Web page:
May 23, 2022

Before you can even think about building algorithms for reading x-rays or interpreting blood smears, the machine needs to know what’s in the image. All the promises of AI in healthcare — a sector that has attracted $11.3 billion in private investment by 2021 — cannot be realized without carefully labeled datasets that tell machines exactly what they are looking for.

Creating these tagged datasets is becoming an industry and companies are responsible for unicorn status. Today, Encord, a small startup located near Y Combinator, wants to get in on the action. In order to create labeled datasets for computer vision projects, Encord has launched its own beta version of an AI-assisted labeling program called CordVision. The launch follows pilot programs at Stanford Medicine, Memorial Sloan Kettering and King’s College London. It has also been tested by Kheer Medical and AI.

Encord has developed a set of tools that allow radiologists to enlarge DICOM images, a format commonly used for transferring medical images. And instead of the radiologist interpreting and annotating the entire image, the software is designed to label only the most important parts of the image.

Encord was founded in 2020 by Applied Physics background Erik Landau and Ulrich Stig Hansen. Hansen worked on a master’s thesis project at Imperial College London that focused on visualizing large medical image datasets. It was Hansen who first noted how long it took to collect labeled datasets.

These labeled datasets are important because they provide a “ground truth” from which algorithms can learn. There are several ways to build AI that don’t require labeled datasets, but for the most part, AI (especially in healthcare) relies on supervised learning for which they are needed.

Multiple documents view the images at the same time, drawing polygons around their respective features to create a labeled dataset. In other cases, this can be done using open source tools or sensors. But in any case, the scientific literature suggests that the move is a major hurdle for healthcare in the AI ​​world, especially when it comes to radiology, a field where AI is expected to make great strides but not enough. deliver in moderation. Major paradigm shift. I

“I know there are many doubts [of AI in the medical world]I think progress is very slow,” Landau told gaming-updates. “We think moving to an approach where you really think about the training data will help accelerate the development of these models.”

As the authors of a 2021 paper in Frontiers in Radiology note, it takes 24 years for labeling professionals to label a dataset of approximately 100,000 images. Another 2021 government release issued by the European Association for Nuclear Medicine (EANM) and the European Association for Cardiovascular Imaging (EACVI) states that “obtaining labeled data from medical image analysis can be time consuming and costly.” But it also suggests that new technologies are emerging that can speed up the process.

image credit: Encord DICOM Labeling Platform

Ironically, these new technologies are versions of artificial intelligence itself. For example, a Frontiers article in Radiology 2021 showed that a proactive approach to learning can speed up the process by up to 87%. Going back to the 100,000 image example, it only takes 3.2 years of work instead of 24.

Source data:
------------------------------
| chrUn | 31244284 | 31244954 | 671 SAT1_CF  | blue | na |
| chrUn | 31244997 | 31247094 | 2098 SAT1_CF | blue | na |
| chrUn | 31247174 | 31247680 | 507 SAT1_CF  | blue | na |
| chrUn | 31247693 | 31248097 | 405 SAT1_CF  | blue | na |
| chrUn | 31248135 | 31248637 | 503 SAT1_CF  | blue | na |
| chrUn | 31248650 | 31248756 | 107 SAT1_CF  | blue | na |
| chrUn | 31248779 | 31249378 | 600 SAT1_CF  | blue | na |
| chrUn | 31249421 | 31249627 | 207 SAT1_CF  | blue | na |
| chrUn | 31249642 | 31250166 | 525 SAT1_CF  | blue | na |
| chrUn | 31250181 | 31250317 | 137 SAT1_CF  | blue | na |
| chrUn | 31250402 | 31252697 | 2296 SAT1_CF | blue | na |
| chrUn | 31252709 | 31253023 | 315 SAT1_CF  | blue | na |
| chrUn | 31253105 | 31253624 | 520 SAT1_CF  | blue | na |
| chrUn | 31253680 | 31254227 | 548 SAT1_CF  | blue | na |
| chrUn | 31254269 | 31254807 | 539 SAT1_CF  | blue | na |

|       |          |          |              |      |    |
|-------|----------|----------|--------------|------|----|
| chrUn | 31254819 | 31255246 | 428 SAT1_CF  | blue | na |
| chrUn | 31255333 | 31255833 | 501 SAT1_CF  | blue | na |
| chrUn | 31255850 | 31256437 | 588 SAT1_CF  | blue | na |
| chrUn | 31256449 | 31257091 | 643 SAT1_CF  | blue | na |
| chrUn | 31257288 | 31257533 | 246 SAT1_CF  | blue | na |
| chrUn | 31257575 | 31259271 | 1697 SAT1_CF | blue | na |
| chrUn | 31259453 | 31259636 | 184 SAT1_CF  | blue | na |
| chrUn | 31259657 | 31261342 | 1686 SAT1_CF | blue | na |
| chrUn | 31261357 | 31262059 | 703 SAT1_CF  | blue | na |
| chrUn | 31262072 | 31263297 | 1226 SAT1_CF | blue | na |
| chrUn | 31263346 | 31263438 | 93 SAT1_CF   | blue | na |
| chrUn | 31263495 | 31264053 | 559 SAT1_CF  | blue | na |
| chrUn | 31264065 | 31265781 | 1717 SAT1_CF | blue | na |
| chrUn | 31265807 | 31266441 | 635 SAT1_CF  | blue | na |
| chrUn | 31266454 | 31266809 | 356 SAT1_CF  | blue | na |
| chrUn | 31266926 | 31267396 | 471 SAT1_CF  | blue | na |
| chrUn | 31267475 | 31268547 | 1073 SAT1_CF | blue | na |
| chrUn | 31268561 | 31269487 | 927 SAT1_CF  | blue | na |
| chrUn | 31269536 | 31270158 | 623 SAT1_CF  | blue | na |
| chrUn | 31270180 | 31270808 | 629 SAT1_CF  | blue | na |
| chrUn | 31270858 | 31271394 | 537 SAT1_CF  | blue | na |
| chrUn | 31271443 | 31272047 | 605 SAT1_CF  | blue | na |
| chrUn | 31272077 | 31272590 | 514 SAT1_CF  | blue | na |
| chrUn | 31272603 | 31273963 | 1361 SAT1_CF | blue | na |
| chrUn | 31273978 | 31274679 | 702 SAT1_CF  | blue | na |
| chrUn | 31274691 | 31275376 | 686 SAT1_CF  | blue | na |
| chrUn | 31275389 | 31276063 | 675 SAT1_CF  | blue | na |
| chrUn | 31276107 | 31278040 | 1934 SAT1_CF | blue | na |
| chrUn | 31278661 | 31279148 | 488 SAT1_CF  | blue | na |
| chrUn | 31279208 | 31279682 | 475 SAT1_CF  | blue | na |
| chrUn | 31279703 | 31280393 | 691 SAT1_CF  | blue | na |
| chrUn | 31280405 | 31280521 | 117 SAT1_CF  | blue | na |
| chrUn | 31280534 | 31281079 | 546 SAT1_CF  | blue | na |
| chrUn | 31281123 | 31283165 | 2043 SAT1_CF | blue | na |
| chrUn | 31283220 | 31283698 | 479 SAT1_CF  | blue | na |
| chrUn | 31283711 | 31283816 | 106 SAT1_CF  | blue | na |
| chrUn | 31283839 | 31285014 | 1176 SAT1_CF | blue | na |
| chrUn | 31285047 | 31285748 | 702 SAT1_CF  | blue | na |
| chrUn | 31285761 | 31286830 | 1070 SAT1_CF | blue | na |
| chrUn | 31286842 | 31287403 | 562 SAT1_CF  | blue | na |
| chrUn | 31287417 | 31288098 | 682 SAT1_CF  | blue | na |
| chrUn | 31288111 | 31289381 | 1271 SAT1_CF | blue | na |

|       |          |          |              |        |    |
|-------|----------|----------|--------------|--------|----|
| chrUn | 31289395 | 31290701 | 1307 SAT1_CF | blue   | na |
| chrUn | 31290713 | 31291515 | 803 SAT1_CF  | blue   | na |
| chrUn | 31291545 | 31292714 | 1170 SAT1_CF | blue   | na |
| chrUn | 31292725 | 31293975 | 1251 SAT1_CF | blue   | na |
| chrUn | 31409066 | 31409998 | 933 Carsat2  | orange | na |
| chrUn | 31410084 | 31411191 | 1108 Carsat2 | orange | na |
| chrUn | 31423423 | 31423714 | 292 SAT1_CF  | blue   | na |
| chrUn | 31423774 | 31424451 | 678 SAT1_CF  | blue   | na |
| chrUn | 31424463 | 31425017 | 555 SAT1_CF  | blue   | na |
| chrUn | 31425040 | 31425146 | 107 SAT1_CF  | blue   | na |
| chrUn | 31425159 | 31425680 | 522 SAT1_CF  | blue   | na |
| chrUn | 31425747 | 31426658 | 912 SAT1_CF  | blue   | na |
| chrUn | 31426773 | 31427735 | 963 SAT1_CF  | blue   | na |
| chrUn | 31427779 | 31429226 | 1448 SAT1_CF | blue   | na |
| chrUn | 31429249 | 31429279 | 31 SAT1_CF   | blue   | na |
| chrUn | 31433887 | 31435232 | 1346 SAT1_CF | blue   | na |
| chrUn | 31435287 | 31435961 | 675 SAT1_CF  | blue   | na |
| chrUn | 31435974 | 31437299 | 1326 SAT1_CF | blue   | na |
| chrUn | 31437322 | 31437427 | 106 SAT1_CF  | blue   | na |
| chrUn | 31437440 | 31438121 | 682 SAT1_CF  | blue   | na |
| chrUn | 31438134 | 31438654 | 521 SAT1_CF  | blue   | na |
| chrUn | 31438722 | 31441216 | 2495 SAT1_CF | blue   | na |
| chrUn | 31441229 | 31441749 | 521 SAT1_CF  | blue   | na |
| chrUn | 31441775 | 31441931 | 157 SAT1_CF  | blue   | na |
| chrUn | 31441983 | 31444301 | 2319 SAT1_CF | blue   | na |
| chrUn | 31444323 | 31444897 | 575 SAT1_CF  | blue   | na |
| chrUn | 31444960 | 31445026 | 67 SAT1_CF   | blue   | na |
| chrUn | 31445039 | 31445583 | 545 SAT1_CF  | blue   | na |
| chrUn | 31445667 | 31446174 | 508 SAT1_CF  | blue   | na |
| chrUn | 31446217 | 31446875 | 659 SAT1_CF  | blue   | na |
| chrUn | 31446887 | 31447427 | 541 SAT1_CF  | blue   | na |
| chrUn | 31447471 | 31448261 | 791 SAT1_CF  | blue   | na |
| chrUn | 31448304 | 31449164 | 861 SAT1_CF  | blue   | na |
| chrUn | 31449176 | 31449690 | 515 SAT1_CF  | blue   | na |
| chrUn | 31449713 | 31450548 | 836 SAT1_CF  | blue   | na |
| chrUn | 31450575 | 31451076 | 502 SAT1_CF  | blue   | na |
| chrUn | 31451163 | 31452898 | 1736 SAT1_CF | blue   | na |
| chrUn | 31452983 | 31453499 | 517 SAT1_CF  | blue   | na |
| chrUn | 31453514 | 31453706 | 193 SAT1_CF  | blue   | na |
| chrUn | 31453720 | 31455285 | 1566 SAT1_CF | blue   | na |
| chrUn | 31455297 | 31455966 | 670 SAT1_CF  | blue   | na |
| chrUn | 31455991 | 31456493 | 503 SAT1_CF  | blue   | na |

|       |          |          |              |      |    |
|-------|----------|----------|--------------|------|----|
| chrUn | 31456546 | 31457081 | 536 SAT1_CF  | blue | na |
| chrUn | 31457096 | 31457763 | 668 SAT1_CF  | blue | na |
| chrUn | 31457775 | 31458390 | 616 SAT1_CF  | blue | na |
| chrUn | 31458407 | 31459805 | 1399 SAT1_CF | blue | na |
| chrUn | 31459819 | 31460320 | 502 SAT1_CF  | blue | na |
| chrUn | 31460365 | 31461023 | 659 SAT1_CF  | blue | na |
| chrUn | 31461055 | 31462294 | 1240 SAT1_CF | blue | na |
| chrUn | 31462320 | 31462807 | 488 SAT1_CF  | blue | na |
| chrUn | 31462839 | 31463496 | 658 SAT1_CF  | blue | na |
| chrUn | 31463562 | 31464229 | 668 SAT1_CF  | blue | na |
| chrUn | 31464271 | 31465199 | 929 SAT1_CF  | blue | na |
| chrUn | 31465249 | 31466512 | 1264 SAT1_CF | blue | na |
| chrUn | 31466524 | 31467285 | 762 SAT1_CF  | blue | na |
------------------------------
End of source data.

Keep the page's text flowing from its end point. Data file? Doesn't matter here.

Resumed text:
CordVision is essentially a version of an active learning process called micro-simulation. This method mostly works when the team labels a small, representative sample of images. A specific AI is then trained on these images and then applied to a larger pool that the AI ​​tags. Then reviewers will be able to study the work of AI, and not put labels from scratch.

Landu explained it well in a blog post on his Medium page: “Imagine building an algorithm designed to detect Batman in Batman movies.” Your micromodel will be trained on five images of Christian Bale’s Batman. Another can be taught to recognize Ben Affleck’s Batman and so on. Together, you build a larger algorithm with each smaller part, and then release it down the chain.

“We’ve found that it works very well because you can get by with very, very few comments and jump-start the process,” he said.

Encord released data supporting Landau’s claims. For example, a study in collaboration with King’s College London compared CordVision to a labeling program developed by Intel. Five labellers processed 25,744 video frames for endoscopy. Gastroenterologists using CordVision worked 6.4 times faster.

This method also proved effective when applied to a test set of 15,521 COVID-19 x-rays. Humans only rated 5% of the total images, and the final accuracy of the AI ​​labeling model was 93.7%.

However, Enord is far from the only company that has identified this bottleneck and tried to use AI to facilitate the labeling process. Existing companies in the sector are already reporting huge valuations. For example, Scale AI reached a $7.3 billion valuation in 2021 and achieved unicorn status.

Landau acknowledges that the company’s biggest competitor is probably Labelbox. When gaming-updates covered them on the Series A stage, Labelbox showed it to about 50 subscribers. In January, the company closed a $110 million Series D, raising it to the $1 billion mark.

Cordvision is still a very small fish. But that data is being swept up in a tidal wave of labels. Landau says the company is looking for places that are still using open source or proprietary tools to create their data labels.

To date, the company has raised $17.1 in seed and Series A funding since the end of Y Combinator. The company has grown from two founders to a team of 20 people. Landau says that Encord did not go bankrupt. The company is not currently looking for fundraising and believes that the current growth will be enough to get this device through the commercialization process.

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